Ziegler's Wax Models

Models of the animal body began to be mass-produced during the 18th century, and the market for them grew alongside the 19th century expansion of universities and their new, experimental scientific disciplines. Frogs played an especially prominent role in the study of animal reproduction. Our wax models from the Ziegler studio represent two uses of frogs in developmental biology and point to the role that frogs, and the artisans who modelled them, played in 19th century biological controversies.

Primordial skull
Image 1 Models of frog, salmon, and axolotl 'Primordial' skulls during embryonic development by Adolf Ziegler, circa 1881. Image © the Whipple Museum (Wh.6401, Wh.6402 and Wh.6403).
Wax Models
Image 2 Wax models of common frog embryos by Adolf Ziegler, circa 1851-52. Image © the Whipple Museum (Wh.6404-Wh.6428).

Adolf Ziegler (1820-1889) was the 19th century's pre-eminent wax modeller in developmental physiology and anatomy. His clients were the growing number of researchers who studied the forms and transformations of animal embryos and their internal anatomy. Ziegler's enlarged wax models provided one especially vivid and illuminating way of conveying knowledge of physical structures in otherwise microscopically small, changing, and complex embryonic forms. The Whipple Museum contains many wax models from the Ziegler studio, two sets of which contain representations of the frog.

The Whipple Museum's 'primordial skull' collection contains Ziegler models of the structure found in the heads of three vertebrate embryos during early embryonic formation. This structure, made of cartilage was understood to shape the later growth of the mature skull's solid bone. The 'higher' the vertebrate, the earlier the mature skull replaced its 'primordial' predecessor, as biologists understood it. The models were sold in a display case that includes labelled representations of frog, salmon, and axolotl embryos.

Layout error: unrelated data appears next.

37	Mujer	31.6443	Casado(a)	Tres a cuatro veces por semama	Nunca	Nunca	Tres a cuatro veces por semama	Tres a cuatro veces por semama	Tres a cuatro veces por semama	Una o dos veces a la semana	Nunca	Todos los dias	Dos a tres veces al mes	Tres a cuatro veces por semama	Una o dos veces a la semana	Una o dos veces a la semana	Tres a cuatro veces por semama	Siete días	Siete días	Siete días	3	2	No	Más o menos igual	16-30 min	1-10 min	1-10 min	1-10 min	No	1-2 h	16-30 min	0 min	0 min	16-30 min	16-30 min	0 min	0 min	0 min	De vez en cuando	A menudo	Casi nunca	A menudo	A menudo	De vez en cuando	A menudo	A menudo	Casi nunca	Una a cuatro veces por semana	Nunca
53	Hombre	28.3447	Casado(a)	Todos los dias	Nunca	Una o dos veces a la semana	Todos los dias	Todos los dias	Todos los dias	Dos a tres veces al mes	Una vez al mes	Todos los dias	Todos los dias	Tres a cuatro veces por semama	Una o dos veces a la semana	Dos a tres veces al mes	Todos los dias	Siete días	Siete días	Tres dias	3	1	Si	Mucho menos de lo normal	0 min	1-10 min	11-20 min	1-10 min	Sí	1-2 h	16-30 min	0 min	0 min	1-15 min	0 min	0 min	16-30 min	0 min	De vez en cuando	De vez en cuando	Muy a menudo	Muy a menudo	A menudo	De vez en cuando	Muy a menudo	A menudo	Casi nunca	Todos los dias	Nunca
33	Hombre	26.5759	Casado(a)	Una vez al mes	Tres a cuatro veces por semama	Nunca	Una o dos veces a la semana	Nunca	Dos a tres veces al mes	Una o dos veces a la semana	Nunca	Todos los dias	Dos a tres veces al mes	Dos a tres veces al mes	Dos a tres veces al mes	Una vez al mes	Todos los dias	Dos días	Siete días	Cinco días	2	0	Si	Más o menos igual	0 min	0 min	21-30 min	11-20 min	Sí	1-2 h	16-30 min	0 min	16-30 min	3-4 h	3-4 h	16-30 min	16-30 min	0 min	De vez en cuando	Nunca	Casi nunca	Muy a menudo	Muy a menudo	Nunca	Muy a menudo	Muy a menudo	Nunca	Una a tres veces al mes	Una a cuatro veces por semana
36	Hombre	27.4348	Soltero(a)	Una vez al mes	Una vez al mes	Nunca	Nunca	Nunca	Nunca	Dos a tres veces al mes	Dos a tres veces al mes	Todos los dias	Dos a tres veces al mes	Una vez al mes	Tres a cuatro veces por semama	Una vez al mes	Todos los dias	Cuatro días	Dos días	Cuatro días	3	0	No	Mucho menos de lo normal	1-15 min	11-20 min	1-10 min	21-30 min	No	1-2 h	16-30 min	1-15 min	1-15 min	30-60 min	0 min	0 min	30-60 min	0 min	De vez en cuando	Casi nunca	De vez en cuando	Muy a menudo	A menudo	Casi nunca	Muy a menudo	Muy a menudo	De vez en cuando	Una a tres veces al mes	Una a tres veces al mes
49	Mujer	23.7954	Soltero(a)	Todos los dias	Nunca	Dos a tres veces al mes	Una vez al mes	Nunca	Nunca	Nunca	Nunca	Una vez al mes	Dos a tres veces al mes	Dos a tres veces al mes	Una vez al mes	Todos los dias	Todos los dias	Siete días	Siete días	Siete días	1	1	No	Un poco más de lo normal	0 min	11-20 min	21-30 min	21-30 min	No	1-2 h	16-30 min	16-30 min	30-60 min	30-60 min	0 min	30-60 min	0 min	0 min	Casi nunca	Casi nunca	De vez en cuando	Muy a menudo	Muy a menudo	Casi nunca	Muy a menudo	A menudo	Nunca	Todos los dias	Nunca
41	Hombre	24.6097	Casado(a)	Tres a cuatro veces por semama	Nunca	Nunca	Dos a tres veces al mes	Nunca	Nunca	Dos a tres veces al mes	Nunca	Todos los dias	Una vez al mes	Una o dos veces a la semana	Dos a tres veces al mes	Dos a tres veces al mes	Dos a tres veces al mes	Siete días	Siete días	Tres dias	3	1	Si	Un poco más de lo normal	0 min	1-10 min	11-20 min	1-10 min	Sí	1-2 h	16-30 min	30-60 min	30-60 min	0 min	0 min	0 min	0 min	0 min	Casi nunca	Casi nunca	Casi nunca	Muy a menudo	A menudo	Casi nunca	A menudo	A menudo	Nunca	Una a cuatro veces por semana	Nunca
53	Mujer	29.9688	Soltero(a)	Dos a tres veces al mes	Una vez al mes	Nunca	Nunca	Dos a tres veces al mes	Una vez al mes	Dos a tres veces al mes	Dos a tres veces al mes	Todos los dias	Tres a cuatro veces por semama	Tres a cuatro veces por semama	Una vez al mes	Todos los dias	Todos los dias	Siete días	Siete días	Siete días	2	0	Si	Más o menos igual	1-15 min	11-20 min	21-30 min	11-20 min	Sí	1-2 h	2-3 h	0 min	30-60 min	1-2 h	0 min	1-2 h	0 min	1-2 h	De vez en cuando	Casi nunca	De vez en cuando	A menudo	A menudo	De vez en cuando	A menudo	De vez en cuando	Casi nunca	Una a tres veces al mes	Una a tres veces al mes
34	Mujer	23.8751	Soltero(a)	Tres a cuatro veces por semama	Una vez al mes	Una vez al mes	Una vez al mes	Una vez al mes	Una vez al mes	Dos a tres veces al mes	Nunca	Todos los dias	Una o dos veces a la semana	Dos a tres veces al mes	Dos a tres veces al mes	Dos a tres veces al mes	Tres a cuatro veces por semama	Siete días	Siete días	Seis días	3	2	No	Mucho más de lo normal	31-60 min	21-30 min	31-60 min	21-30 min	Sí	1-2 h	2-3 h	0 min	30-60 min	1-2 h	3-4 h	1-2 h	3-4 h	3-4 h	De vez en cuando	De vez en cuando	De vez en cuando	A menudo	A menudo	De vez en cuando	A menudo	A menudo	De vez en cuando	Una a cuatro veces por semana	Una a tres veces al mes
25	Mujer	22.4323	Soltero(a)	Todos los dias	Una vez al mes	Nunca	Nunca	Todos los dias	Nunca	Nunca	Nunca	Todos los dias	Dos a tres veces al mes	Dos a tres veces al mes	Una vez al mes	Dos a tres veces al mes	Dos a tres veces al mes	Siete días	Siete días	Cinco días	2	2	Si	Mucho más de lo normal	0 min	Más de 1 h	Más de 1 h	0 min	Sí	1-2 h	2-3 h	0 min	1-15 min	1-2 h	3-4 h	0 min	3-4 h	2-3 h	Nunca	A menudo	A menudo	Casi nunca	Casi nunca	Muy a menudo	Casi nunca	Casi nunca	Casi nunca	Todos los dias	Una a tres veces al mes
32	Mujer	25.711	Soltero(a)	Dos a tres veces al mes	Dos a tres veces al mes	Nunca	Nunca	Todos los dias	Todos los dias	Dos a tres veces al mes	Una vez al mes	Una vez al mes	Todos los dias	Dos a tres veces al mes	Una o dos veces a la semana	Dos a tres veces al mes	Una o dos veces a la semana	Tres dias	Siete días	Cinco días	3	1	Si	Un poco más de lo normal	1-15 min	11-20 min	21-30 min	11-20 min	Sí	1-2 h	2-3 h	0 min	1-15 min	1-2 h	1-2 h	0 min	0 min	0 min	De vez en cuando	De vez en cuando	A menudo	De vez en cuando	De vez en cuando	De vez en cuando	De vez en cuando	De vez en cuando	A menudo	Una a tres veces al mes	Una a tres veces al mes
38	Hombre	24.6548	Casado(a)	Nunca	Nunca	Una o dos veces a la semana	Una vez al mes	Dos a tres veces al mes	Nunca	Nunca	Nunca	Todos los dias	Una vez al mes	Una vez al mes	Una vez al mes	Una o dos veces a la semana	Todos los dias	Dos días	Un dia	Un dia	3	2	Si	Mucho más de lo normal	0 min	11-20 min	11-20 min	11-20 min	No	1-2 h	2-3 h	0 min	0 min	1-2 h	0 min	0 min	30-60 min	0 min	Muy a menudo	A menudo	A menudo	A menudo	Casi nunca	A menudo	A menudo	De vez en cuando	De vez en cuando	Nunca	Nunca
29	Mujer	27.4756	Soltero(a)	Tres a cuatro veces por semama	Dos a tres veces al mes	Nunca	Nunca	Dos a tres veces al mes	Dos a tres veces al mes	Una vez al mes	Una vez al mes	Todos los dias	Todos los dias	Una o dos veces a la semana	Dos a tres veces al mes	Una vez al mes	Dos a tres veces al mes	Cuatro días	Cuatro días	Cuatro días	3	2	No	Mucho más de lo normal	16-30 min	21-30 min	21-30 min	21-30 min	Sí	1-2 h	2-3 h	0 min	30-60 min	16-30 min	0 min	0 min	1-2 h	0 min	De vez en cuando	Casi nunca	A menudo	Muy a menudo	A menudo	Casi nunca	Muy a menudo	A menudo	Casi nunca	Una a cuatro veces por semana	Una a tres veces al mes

In 1889, Adolf Ziegler died and left his business to his son, Friedrich. The Ziegler studio weathered its founder's death with ease; strong international reputation ensured continued prosperity throughout Friedrich's management. The 're-publication' of some of his father's earliest models, like our series charting the development of a frog embryo, attests to that continued prosperity. This series, made in 1892, follows the transformation of a single fertilized embryo as it multiplies and transforms into a mature tadpole.

For analysis of our Ziegler models' relation to academic controversy, and the role of artisans in biological research, see Frog Models, Artisans, and Academic Controversy.

On the different types of wax modelling pursued in studies of reproduction and development, see Techniques of observing and modeling.

Henry Schmidt

Henry Schmidt, 'Ziegler's Wax Models', Explore Whipple Collections, Whipple Museum of the History of Science, University of Cambridge, [http://www.hps.cam.ac.uk/whipple/explore/frogs/zieglerswaxmodels/, accessed 25 November 2017]

 
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